Georgia is increasingly positioning itself as a hub for startups and digital businesses looking for a welcoming business environment and links to Western capital and markets.
Georgia’s open door policy means the citizens of almost 100 countries can come and play with no visa. Or work. Or found companies. And the country’s welcoming business environment and budding start-up ecosystem is encouraging them to do just that. Investor.ge talked to three such startups who plan to grow great companies from Georgia.
Extra Mile Technologies
As the world mobilizes to stop climate change, technologies to reduce greenhouse gas emissions are ever more valuable. VC investment in climate tech exceeded $40 billion in 2021, with Q4 tripling the investment year over year, Climate Tech VC reports.
Georgia has not shown leadership in this climate innovation but is now playing host to one technology which is a key step in that direction. Azerbaijani scientist Elmar Asgarzade discovered a breakthrough in oil chemistry which reduces friction in engines by over 30%. His startup, ThermoNorth, has relocated from Baku to Tbilisi, rebranding as Extra Mile Technologies (EMT). His vision is not just to commercialize one breakthrough technology but to work toward a research center for green technologies.
Extra Mile Technologies’ breakthrough is using ionic molecular forces to reduce friction in engines. These forces can be thought of like magnets repelling each other. So rather than coating engine parts, their solution reduces friction with ionic repulsion. This can lower engine friction by 30%, which translates into 5% gains in fuel efficiency and less CO2 emissions. The additive can also extend engine life and reduce wear and tear, and could be applicable to other green fuels such as methanol and hydrogen.
While the technology is broadly applicable in transport, wind energy, and industrial uses, it is especially interesting for the maritime industry. “Long-distance shipping is very difficult to decarbonize”, founder Asgarzade told Investor.ge, “Electrifying long-distance shipping is not feasible and capital expenses are huge in transitioning to new fuels.”
This frictionless path to decarbonization is important because the maritime shipping industry is responsible for roughly 3% of global GHGs; that’s more than airplanes. The International Maritime Organization has come under global pressure in recent years to lower emissions in an industry where the task has proven frustratingly elusive.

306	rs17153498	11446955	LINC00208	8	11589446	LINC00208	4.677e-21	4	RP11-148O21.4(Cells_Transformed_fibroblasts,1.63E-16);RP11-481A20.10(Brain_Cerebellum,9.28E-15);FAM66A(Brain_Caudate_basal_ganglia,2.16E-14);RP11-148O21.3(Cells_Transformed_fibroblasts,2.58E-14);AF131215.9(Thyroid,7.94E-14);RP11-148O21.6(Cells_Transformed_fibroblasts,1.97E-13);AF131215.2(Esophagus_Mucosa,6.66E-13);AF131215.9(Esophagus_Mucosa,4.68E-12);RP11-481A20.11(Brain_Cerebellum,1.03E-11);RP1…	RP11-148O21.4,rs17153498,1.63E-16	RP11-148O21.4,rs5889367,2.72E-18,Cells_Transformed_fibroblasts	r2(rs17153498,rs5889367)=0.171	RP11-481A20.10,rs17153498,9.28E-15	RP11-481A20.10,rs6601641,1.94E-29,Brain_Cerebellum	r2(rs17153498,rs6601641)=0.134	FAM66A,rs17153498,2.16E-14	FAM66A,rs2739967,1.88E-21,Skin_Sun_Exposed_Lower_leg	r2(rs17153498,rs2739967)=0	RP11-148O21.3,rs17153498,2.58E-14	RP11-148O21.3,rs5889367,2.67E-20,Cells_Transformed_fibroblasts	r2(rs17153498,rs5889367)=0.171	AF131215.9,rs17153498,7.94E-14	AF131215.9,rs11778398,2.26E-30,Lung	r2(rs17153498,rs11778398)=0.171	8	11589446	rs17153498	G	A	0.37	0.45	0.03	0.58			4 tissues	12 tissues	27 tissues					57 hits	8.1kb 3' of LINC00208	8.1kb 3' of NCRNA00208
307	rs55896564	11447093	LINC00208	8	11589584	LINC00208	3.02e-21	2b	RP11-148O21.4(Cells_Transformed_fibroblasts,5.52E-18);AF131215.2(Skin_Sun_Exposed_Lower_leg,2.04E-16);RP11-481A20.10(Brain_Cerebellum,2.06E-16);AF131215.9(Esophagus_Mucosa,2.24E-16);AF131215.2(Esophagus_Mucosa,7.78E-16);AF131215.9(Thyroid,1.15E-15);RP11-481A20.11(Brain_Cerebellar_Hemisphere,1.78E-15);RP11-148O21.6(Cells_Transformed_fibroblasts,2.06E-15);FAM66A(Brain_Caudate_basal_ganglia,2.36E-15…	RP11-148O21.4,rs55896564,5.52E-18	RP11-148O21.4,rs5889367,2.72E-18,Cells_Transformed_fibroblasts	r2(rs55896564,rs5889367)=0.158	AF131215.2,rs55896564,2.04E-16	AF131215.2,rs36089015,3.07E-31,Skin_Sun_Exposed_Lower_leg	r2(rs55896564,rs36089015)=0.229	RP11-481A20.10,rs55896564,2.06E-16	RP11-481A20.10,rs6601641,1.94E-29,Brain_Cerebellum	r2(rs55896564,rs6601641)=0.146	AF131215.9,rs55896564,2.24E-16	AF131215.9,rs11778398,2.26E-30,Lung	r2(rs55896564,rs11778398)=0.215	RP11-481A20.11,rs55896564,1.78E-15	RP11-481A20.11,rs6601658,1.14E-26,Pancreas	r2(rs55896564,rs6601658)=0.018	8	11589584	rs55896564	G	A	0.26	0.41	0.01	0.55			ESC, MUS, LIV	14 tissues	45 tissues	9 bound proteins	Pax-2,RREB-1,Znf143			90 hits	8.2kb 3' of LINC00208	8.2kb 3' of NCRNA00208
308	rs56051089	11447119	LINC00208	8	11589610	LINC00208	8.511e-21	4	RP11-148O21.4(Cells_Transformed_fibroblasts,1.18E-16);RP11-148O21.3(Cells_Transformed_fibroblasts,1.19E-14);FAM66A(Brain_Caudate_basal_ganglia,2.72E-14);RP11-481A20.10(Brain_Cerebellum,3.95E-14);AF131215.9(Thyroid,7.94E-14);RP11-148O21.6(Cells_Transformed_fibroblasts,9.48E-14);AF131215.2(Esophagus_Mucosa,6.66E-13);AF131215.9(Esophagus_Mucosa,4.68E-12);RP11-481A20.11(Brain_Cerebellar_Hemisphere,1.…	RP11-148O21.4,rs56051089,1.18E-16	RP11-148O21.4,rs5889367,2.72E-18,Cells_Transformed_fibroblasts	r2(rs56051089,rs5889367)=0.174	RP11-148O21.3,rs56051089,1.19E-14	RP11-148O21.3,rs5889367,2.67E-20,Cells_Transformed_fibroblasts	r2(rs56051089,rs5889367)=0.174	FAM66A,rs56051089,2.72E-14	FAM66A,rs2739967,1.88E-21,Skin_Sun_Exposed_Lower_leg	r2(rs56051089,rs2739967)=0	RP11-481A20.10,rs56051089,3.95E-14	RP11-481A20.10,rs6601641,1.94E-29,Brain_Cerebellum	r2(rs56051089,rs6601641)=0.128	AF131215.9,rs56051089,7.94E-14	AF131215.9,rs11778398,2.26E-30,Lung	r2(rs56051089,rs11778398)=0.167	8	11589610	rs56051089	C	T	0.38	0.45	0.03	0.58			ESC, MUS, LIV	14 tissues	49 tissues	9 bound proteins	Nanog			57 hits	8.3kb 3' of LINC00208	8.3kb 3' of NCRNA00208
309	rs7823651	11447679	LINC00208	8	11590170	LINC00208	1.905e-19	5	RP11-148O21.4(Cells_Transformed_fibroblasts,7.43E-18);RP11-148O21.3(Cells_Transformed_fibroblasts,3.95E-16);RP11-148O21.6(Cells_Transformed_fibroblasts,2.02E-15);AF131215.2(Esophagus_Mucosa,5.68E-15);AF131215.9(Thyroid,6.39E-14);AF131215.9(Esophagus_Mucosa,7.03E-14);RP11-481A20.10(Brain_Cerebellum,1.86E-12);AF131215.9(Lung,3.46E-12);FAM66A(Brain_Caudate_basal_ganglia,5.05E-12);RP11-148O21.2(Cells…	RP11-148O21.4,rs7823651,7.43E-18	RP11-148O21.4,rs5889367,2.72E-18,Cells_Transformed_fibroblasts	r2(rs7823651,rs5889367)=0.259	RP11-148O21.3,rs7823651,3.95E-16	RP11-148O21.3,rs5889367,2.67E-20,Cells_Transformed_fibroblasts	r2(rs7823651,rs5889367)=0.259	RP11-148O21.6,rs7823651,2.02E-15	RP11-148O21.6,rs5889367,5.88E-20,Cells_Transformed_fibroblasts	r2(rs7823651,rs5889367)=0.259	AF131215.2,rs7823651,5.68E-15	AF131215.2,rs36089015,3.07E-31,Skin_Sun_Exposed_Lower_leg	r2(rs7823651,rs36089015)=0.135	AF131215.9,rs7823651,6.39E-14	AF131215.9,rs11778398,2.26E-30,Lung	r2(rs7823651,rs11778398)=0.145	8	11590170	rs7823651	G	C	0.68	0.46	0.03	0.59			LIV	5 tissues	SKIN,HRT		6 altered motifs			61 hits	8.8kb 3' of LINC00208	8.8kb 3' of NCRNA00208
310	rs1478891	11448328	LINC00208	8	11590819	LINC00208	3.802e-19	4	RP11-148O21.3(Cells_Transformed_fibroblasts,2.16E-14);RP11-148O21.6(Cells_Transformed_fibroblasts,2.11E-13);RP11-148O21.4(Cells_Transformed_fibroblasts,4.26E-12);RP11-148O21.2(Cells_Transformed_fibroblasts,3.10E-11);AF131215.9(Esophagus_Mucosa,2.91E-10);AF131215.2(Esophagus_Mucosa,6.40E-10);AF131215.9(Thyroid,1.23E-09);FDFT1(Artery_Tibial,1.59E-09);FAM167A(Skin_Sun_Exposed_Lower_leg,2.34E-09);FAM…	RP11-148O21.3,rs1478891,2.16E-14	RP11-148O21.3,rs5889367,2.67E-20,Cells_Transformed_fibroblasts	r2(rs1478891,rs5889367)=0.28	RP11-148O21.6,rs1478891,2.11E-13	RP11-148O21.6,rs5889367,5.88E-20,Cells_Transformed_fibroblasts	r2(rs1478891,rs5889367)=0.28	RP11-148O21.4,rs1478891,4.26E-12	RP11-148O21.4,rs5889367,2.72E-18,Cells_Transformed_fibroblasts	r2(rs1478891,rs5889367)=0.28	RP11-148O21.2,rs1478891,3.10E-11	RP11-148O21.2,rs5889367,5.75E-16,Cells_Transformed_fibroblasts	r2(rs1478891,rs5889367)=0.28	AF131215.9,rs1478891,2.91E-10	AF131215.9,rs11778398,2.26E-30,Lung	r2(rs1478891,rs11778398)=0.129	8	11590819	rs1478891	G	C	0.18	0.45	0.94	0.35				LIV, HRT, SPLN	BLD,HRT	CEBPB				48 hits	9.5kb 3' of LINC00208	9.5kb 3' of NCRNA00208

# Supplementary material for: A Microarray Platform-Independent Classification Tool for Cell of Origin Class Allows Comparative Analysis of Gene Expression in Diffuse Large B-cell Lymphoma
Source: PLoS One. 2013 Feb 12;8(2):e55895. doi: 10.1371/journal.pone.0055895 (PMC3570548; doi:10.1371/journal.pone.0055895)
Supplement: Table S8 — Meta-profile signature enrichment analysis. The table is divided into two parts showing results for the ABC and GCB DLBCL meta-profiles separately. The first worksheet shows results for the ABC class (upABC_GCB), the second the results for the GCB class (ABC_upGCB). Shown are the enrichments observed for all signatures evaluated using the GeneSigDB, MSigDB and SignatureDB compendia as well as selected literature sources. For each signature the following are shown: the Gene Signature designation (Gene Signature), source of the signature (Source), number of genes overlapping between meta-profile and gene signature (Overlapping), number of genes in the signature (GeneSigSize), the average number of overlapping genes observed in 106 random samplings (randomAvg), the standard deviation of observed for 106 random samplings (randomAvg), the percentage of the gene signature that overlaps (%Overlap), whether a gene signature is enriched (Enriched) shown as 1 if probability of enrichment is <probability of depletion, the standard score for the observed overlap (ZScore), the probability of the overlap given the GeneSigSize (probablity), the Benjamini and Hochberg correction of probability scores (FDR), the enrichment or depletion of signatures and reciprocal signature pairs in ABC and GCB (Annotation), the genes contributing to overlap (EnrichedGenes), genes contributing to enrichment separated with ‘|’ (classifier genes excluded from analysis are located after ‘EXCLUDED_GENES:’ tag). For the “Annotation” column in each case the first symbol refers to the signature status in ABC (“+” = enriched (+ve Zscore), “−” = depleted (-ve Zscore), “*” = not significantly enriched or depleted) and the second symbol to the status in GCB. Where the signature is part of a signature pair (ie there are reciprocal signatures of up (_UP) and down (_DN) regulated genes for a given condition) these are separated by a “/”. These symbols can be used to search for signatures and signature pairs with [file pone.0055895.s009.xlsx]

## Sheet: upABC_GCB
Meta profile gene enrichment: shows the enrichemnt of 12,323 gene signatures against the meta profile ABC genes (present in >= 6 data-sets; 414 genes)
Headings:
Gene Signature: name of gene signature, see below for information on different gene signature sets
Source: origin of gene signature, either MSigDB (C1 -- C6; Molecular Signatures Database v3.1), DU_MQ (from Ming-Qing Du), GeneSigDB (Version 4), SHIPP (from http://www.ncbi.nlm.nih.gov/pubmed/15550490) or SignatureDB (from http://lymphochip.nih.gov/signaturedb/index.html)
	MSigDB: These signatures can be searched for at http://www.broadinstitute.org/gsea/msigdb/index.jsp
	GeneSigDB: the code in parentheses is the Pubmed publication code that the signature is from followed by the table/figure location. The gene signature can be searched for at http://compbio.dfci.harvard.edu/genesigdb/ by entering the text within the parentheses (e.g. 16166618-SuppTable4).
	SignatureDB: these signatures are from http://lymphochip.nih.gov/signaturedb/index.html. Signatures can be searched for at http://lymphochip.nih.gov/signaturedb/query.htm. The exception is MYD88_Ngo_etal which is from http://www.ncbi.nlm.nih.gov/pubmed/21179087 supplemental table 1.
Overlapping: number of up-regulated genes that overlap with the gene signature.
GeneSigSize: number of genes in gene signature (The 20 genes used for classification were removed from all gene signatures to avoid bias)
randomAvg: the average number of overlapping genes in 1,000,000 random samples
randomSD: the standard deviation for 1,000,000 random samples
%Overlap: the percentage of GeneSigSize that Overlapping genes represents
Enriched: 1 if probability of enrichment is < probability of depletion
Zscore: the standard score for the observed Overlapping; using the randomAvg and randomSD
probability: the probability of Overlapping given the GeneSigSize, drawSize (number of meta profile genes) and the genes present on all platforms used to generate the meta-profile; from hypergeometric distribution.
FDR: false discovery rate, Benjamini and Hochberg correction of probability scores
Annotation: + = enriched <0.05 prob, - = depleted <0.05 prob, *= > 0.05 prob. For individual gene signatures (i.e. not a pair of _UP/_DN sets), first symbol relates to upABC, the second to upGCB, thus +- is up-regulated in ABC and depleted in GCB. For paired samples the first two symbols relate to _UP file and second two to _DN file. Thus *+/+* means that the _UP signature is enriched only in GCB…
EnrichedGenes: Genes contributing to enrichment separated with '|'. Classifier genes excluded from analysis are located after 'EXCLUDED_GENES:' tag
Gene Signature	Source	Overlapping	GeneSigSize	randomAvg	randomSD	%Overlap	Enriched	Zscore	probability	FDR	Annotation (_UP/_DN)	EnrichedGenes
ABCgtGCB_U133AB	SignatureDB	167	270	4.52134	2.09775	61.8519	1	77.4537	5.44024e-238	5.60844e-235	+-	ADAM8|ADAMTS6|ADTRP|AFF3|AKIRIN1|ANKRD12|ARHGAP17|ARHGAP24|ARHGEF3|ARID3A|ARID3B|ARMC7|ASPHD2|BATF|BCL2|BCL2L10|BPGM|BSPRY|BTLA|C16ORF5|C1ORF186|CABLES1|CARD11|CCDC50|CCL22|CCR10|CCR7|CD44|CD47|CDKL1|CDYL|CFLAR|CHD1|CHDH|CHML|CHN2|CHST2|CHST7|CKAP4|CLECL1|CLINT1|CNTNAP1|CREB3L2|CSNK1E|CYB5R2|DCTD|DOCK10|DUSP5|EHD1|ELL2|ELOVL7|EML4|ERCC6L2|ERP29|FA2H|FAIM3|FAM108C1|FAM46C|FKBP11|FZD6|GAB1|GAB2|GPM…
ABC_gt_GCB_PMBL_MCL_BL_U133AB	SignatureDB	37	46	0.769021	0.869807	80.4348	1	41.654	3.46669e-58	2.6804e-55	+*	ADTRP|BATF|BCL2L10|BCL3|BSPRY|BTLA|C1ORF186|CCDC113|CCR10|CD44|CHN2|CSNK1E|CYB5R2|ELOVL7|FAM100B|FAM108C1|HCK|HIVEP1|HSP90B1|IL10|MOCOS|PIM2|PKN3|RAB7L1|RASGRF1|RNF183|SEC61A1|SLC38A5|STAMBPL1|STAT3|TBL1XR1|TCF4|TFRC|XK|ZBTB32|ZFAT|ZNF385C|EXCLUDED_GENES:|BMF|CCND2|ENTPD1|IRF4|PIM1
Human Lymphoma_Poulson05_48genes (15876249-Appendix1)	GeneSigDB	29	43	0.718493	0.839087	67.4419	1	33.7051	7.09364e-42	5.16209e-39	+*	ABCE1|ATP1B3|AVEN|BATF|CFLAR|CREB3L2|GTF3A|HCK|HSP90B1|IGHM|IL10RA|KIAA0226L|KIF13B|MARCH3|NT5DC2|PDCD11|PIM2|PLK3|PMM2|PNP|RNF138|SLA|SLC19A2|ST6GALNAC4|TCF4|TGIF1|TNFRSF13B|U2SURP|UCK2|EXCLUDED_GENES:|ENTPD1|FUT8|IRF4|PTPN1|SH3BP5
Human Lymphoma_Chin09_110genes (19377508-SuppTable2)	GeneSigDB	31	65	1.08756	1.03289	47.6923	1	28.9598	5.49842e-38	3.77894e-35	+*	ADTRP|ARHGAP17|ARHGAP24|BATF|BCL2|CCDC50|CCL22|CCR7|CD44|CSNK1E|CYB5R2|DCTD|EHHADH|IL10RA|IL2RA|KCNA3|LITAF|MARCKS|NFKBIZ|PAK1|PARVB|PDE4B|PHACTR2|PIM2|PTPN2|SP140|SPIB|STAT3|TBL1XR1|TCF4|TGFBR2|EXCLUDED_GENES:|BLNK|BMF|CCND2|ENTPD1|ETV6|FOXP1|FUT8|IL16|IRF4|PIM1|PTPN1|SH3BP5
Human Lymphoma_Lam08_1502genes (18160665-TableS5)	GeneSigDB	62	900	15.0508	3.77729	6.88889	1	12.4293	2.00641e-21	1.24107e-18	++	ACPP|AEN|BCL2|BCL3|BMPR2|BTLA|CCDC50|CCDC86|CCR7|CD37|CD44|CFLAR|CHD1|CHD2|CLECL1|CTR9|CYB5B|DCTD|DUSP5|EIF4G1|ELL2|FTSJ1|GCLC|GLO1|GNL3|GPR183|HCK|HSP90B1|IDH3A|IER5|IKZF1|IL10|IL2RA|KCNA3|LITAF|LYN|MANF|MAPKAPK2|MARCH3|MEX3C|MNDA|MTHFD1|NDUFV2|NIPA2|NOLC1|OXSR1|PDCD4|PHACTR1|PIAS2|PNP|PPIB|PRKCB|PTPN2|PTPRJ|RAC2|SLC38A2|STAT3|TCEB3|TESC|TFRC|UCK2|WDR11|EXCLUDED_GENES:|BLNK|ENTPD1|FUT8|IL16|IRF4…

Extra Mile Technologies could mean enormous GHG reductions for the industry, not to mention financial savings on fuel and maintenance. The company indicates its tech is outperforming everything else in the world “at a price point that’s a third or a quarter as much as competing products. If that holds up as we expect it to, that will be a really significant development”, Asgarzade told Investor.ge.
He lists the numerous reasons the company has decided to dock in Georgia: “There’s really a lot that has brought us here. The startup community is active and we were connected with Colin and his team. Georgia’s connections with US and Europe make it good to reach customers and funding there. The free trade agreement with Europe opens up good export potential there as we look at manufacturing”, he says, adding that the ease of setting up a business in Georgia has also been a great draw. “Here, you get your tax number and away you go. In Azerbaijan, there is a lot of paperwork, and it consumes a lot of time.”
The four-person team, which will include in its ranks AmCham board member and startup advisor Colin Donohue as acting CEO and two additional scientists. Immediately Donohue is focusing now on the Horizon Europe Accelerator grant – part of the EU’s $500 billion ‘Green Deal’. The Accelerator Program offers 2.5 million euros in equity-free grant funding plus investment of up to 15 million euros.
“Extra Mile was accepted to the Maritime Climate Accelerator run under the European Institute for Innovation and Technology and is now eligible for a ‘fast track’ into Horizon Europe.
We are one of 20 companies granted special status to skip the first stage of application and apply directly into phase two.” EMT would not be eligible for this European grant competition in Azerbaijan so moving to Georgia has already opened doors.
Elmar’s company already has experienced recognition and comes to Georgia having won international competitions and over $100,000 worth or equity-free prizes.